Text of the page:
Bolt shows he's still the man to beat, plus more Sunday thoughts
Usain Bolt won the 100 in an Olympic record 9.63, edging teammate Yohan Blake
Sanya Richards-Ross won the 400 to give the U.S. its first track gold medal
No American runners made it through Sunday's semis and into Monday's final
LONDON -- Three thoughts off Sunday's track and field action ...
1. Usain Bolt turned back the clock to defend his title. Bolt posted an Olympic record 9.63 to become the first man since Carl Lewis to win two straight Olympic 100-meter titles. It was a fast final all around, the fastest times ever by recorded by third-, fourth- and fifth-place finishers, according to the Olympic Stadium announcer. But Bolt's speed was shocking, and in a much different way than his breathtaking 2008 victory. He had to work for this title, passing bronze medalist Justin Gatlin at 50 meters and going hard through the finish to ensure victory by .12 over Yohan Blake. Since Beijing, Bolt had run better than 9.76 (legal) once -- his 9.58 world record at the 2009 world championships. He'd dealt with injuries, starting and false-starting problems and a loss of his invincibility. Some thought he'd never go sub-9.7 again. Maybe it was the Olympic stage that spurred the Jamaican, or maybe it was the competition. Many tabbed training partner Blake the man to beat in this final, especially after Blake beat Bolt in the Jamaican trials. Blake equaled his personal best in but wasn't in Bolt's class. 2004 Olympic champion Gatlin, back from a four-year doping ban, ran a personal-best 9.79 (Gatlin had run a 9.77 in 2006, but that was wiped out with the ban) for third. Tyson Gay, in, remarkably, his first career Olympic final, just missed the medals with a 9.80. In any other Olympics, Gay would have medaled with that time. Nearly from top to bottom, this was the fastest Olympic final ever. I say nearly because Asafa Powell slowed to an 11.99 for last place, continuing his string of forgettable Olympic sprints. The other seven men went under 10 seconds. Powell's all but done as a major-championship contender, but Bolt, 25, showed he's not slowing down yet. Look for him to repeat again in the 200 meters, where he's a clearer favorite over Blake. We'll see them back on the track in heats Tuesday.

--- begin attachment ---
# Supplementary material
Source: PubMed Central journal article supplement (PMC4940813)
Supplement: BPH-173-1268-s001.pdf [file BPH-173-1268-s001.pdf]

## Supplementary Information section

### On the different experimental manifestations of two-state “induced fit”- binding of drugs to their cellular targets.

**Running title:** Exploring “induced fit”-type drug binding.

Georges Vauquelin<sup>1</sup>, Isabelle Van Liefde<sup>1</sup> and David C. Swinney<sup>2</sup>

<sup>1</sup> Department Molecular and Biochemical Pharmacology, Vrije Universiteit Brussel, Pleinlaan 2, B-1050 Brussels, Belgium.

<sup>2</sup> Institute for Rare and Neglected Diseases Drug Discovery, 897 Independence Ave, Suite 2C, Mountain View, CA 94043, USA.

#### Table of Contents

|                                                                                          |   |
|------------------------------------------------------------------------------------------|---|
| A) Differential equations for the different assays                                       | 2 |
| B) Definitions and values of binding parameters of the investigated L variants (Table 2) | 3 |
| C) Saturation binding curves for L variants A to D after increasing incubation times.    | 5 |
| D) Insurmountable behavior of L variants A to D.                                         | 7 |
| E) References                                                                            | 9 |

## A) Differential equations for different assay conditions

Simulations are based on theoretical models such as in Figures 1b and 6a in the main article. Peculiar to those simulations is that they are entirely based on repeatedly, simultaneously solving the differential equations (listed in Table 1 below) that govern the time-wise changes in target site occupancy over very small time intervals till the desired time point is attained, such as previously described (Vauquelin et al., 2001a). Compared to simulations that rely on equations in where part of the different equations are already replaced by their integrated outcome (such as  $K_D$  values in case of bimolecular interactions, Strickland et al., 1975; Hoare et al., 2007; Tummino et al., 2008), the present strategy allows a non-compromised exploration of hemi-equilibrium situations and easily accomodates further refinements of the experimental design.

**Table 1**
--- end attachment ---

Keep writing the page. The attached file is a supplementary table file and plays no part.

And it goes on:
2. Sanya Richards-Ross had enough left in the tank to win the 400, the U.S.' first gold medal at Olympic Stadium. At 100 meters, I had flashbacks to the Beijing 400. In Lane 6, Richards-Ross had just about made up the stagger on the woman in Lane 7, reigning world champion Amantle Montsho of Botswana. It was clear Richards-Ross had gone out hard -- not out of the ordinary for her -- but it was the kind of aggressiveness over the first 300 meters in 2008 that cost Richards-Ross in the final stretch, where she faded badly to bronze. She didn't make that mistake this time, appearing to ease up a bit on the back stretch. Richards-Ross didn't overtake Montsho until about 300 meters (while being passed momentarily by Russian Antonina Krivoshapka). A familiar site appeared in the final 30 meters, Great Britain's Christine Ohuruogu closing quickly, just as she did to win the Olympic title in 2008. Richards-Ross (49.55) held her off this time by .15 to win her first individual Olympic gold medal in her third try. She was sixth in Athens eight years ago. Also in that Athens final was an American by the name of DeeDee Trotter. Trotter was the surprise bronze medalist Sunday night. She took fifth in 2004, failed to make the 2008 Olympic final and then went underwent major knee surgery and missed the 2009 season. At 27, her elite career appeared to be over. But Trotter fought back and was runner-up to Richards-Ross at the Olympic trials. Trotter's 49.72 marked the second fastest time of her career, her best in five years. As for Richards-Ross, she won't get much rest. Her first-round heat in the 200 is Monday morning. The last woman to double in the 200 and 400 was France's long-limbed Marie-Jose Perec in 1996.
3. Multiple U.S. streaks were snapped in the men's 400. No Americans made it through Sunday's semifinals and into Monday's final. Defending Olympic champion LaShawn Merritt pulled up with a reaggravation of a left hamstring injury in his qualifying heat Saturday. His two young teammates, Bryshon Nellum and Tony McQuay, bowed out in the semis. Nellum, who was shot while in college at USC, was close. He placed ninth overall over three semis and missed out on the eighth and last spot in the final by .03 seconds. When reigning world champion Kirani James of Grenada and the rest of the finalists cross the finish line Monday, it will mark the first time since 1980 a non-American wins the one-lap sprint. It's also the first time ever that the final will not include a U.S. man. In all but two Olympics, one being the boycotted 1980 Games, the U.S. has had at least two finalists in the 400. Sure, Merritt would have been a gold-medal contender (favorite?) had he not suffered the hamstring injury in Monaco two weeks ago. Nobody in the semis ran within four tenths of Merritt's world-leading time from trials. But, the presence of James and Belgian brothers Jonathan and Kevin Borlee shows just how global this event has become at the elite level.